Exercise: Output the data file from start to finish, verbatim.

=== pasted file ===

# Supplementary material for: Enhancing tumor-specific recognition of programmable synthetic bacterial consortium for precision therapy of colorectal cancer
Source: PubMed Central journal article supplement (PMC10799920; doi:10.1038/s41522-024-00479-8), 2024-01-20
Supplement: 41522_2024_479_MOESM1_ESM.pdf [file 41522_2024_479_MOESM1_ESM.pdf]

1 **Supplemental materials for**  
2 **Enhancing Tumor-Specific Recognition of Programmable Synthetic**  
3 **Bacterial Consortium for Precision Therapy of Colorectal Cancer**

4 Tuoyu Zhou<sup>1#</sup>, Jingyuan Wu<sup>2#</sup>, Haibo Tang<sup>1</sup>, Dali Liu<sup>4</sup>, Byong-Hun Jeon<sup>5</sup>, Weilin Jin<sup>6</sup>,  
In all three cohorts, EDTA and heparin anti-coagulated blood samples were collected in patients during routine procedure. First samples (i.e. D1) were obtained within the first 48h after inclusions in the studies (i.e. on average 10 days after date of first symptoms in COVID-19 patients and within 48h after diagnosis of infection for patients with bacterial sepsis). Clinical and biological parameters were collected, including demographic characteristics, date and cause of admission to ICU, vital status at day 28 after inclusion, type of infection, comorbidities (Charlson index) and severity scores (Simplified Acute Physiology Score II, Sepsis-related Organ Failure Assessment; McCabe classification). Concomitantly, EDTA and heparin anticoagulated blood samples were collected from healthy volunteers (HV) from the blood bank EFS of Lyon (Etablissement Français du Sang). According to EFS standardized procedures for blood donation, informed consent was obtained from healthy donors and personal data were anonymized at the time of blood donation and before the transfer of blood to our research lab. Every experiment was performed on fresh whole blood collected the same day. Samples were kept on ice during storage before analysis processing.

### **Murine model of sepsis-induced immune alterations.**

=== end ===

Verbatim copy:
# Supplementary material for: Enhancing tumor-specific recognition of programmable synthetic bacterial consortium for precision therapy of colorectal cancer
Source: PubMed Central journal article supplement (PMC10799920; doi:10.1038/s41522-024-00479-8), 2024-01-20
Supplement: 41522_2024_479_MOESM1_ESM.pdf [file 41522_2024_479_MOESM1_ESM.pdf]

1 **Supplemental materials for**  
2 **Enhancing Tumor-Specific Recognition of Programmable Synthetic**  
3 **Bacterial Consortium for Precision Therapy of Colorectal Cancer**

4 Tuoyu Zhou<sup>1#</sup>, Jingyuan Wu<sup>2#</sup>, Haibo Tang<sup>1</sup>, Dali Liu<sup>4</sup>, Byong-Hun Jeon<sup>5</sup>, Weilin Jin<sup>6</sup>,  
In all three cohorts, EDTA and heparin anti-coagulated blood samples were collected in patients during routine procedure. First samples (i.e. D1) were obtained within the first 48h after inclusions in the studies (i.e. on average 10 days after date of first symptoms in COVID-19 patients and within 48h after diagnosis of infection for patients with bacterial sepsis). Clinical and biological parameters were collected, including demographic characteristics, date and cause of admission to ICU, vital status at day 28 after inclusion, type of infection, comorbidities (Charlson index) and severity scores (Simplified Acute Physiology Score II, Sepsis-related Organ Failure Assessment; McCabe classification). Concomitantly, EDTA and heparin anticoagulated blood samples were collected from healthy volunteers (HV) from the blood bank EFS of Lyon (Etablissement Français du Sang). According to EFS standardized procedures for blood donation, informed consent was obtained from healthy donors and personal data were anonymized at the time of blood donation and before the transfer of blood to our research lab. Every experiment was performed on fresh whole blood collected the same day. Samples were kept on ice during storage before analysis processing.

### **Murine model of sepsis-induced immune alterations.**